Individuals who wish to overcome problems with alcohol use or who suspect they may have alcohol use disorder have a number of options. You may, for example, wish to contact a free alcohol addiction hotline (or drug abuse hotline number).
According to the National Survey on Drug Use and Health (NSDUH), more than 2.4 million people age 12 or older received substance use treatment in 2017 for alcohol use alone.8 Many of the individuals who are treated for alcoholism and alcohol abuse often seek outside help from treatment centers and therapy sessions.
Alcohol treatment centers are designed to help individuals who are addicted or who abuse alcohol in a number of ways. Some treatment centers require an individual to stay at the center for a specific amount of time while others offer outpatient treatment. Many centers offer both long- and short-term treatment options.3
During treatment, individuals go through detoxification. Detoxification is the set of interventions used to keep a person safe as they readjust to a lack of alcohol in the body.9,10 Medical detox is extremely important for someone dependent on alcohol because withdrawal can cause delirium and potentially life-threatening seizures, along with other very serious symptoms.2,9,10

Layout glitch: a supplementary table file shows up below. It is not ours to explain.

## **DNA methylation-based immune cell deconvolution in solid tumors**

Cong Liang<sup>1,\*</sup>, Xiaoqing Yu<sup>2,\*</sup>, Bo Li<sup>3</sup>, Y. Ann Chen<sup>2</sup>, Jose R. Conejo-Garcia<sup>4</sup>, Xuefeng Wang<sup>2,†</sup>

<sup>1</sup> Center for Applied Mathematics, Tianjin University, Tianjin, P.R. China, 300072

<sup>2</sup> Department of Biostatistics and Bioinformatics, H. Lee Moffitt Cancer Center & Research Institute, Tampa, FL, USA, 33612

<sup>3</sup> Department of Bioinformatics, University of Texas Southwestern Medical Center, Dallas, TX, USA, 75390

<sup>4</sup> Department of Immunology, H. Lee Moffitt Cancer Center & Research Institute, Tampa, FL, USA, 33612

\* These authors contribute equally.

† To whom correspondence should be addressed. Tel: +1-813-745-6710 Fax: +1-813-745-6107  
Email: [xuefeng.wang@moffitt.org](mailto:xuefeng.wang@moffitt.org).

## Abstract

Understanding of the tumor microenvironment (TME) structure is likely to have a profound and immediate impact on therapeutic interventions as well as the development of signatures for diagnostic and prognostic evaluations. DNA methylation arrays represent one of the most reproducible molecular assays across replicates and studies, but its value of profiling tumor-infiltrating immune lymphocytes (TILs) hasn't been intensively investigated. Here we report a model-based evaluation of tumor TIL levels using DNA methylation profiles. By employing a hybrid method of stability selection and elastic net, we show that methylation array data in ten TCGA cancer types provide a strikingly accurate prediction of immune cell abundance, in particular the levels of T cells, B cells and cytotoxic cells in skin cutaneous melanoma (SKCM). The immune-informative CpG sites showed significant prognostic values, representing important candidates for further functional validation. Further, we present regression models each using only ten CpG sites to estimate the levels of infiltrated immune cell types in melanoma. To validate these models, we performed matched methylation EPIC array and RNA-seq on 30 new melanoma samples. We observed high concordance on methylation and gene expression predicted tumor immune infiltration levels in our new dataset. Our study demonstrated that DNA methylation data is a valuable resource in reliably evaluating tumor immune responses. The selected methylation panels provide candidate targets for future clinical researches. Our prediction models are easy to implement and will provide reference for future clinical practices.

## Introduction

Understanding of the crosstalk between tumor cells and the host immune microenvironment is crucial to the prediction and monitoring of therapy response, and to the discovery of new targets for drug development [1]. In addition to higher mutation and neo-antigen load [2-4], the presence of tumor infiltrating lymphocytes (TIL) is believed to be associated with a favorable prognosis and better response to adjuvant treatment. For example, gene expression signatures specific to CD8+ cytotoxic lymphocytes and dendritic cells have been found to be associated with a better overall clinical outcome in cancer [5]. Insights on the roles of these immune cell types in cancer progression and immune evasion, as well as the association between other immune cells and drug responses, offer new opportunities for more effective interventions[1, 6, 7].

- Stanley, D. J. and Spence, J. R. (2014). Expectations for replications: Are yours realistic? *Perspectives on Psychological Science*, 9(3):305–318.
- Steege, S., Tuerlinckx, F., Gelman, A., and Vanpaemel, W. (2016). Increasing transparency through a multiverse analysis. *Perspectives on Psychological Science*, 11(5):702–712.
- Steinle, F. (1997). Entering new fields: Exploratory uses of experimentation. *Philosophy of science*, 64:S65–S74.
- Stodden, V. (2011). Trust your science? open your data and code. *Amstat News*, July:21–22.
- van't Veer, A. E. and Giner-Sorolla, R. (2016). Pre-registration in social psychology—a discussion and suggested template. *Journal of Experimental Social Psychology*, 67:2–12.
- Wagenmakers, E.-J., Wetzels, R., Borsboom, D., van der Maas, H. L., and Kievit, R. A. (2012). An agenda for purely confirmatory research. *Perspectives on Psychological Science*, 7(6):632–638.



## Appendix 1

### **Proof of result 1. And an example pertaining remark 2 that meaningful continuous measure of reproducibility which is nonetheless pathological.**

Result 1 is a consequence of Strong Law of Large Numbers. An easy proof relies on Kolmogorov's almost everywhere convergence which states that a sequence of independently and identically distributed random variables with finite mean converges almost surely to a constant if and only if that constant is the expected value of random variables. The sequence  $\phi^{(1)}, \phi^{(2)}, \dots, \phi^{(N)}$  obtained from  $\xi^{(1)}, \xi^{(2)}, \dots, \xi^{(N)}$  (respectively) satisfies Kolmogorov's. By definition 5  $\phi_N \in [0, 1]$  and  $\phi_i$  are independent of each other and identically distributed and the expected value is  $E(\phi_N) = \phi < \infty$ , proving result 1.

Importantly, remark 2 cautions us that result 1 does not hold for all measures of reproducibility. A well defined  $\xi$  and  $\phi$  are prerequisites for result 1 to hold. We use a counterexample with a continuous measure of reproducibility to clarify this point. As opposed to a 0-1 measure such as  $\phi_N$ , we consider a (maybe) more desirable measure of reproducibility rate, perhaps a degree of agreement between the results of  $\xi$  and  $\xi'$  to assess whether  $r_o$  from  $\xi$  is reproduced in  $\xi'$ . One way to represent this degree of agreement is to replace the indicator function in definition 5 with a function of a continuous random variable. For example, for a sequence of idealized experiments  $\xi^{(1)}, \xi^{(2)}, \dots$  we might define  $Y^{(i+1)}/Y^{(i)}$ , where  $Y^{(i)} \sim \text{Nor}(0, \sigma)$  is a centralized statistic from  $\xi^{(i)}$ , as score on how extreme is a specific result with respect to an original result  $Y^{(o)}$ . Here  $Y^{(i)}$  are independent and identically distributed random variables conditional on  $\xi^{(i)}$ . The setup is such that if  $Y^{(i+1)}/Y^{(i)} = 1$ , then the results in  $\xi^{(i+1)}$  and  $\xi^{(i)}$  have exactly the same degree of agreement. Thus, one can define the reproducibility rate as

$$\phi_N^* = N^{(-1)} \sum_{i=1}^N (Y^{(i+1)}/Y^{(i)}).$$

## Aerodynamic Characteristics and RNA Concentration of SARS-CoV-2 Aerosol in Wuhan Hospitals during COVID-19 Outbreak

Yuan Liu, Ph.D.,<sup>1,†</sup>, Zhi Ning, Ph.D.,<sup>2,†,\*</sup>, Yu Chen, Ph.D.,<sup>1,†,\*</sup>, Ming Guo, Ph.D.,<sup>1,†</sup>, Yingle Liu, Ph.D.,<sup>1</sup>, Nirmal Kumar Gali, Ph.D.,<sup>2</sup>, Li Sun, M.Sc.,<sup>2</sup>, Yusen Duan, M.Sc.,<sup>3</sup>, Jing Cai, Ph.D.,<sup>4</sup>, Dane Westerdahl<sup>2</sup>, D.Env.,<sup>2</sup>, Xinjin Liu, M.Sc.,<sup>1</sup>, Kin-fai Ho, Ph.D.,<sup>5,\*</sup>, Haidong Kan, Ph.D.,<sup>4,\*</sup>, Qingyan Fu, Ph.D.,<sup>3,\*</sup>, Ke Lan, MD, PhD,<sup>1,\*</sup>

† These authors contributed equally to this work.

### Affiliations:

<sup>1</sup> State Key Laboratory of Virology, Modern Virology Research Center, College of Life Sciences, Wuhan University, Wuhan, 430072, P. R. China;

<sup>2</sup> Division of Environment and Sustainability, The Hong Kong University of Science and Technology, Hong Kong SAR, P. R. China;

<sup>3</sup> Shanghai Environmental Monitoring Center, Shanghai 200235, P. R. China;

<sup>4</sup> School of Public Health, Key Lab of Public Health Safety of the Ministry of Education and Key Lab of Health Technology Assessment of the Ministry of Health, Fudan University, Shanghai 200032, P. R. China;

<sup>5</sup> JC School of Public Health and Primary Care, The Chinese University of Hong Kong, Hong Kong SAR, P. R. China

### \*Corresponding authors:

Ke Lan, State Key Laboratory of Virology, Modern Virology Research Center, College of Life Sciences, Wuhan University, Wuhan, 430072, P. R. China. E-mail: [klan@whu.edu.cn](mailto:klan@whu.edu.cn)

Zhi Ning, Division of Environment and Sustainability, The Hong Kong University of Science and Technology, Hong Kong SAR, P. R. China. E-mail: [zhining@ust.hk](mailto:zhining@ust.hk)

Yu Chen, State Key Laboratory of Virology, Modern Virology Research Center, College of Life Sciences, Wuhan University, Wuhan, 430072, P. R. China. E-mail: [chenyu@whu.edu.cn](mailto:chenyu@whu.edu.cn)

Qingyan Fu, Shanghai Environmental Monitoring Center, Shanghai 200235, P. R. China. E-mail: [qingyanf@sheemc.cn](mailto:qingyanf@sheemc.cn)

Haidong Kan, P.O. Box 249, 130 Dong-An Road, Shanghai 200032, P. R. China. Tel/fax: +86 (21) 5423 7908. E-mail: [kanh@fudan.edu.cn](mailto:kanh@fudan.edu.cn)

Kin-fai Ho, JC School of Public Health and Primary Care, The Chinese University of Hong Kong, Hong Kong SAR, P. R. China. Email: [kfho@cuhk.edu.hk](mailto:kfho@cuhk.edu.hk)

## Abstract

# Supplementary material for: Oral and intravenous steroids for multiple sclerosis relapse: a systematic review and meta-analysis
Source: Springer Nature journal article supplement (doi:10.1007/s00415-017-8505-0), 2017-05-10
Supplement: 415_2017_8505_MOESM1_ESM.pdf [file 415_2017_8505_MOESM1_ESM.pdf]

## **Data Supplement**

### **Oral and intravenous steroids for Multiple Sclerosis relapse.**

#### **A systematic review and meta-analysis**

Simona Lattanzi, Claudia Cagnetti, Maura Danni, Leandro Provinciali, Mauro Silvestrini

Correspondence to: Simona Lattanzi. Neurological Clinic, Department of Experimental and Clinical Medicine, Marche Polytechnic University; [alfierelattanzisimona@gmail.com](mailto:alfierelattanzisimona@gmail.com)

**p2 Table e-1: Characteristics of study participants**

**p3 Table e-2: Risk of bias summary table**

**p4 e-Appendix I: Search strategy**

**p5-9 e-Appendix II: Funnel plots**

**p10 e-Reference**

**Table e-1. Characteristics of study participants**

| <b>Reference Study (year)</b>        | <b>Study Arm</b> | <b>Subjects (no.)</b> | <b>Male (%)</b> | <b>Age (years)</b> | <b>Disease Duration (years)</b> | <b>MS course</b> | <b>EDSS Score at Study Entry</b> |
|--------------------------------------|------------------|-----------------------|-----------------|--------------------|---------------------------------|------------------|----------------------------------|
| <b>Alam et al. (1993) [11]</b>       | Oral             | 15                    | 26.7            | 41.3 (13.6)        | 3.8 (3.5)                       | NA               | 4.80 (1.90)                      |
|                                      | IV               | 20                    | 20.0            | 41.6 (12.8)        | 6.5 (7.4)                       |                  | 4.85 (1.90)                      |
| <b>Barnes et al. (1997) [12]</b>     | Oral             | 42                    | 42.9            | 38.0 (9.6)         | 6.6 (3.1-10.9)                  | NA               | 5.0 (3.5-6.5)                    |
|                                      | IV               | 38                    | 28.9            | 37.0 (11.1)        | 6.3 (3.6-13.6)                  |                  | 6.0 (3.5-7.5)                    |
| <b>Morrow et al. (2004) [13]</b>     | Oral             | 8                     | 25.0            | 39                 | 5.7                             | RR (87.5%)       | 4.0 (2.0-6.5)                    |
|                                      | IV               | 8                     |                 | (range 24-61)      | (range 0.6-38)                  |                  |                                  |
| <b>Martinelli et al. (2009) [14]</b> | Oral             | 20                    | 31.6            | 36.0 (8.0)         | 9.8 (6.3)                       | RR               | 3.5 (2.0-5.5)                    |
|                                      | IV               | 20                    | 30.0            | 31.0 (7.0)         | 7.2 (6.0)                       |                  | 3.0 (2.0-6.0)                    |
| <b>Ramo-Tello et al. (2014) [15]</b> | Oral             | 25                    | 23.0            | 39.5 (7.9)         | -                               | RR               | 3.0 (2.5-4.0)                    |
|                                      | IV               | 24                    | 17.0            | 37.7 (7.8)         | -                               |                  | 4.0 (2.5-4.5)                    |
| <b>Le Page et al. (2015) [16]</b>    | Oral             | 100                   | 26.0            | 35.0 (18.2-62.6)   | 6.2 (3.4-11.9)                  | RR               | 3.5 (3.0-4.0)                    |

Treatment with therapy and possibly medication should follow detox.10 Treatment centers are designed to provide support in the form of individual therapy, as well as group therapy and educational classes on drug addiction. During therapy sessions, patients can explore their reasons behind their excess alcohol consumption, as well as what they can do to overcome their abusive behavior.3
Inpatient treatment allows patients to receive care in a structured, controlled environment.3 With housing, medical care, and various forms of therapy, inpatient treatment can be best for those who do not have an effective home support system or are dealing with a more severe form of alcohol abuse.3
Outpatient treatment is also an option for many alcoholics. Outpatient treatment centers are designed to provide recovering alcoholics with a place to explore their destructive behavior. Many outpatient treatment centers provide anonymous group meetings, as well as other programs to help recovering individuals overcome their issues.3 With outpatient treatment, individuals are not placed in a controlled environment so it is important that people who use outpatient treatment have a strong system to rely on outside of treatment.
Consuming Alcohol with Illicit Drugs
Mixing Alcohol with Prescription Drugs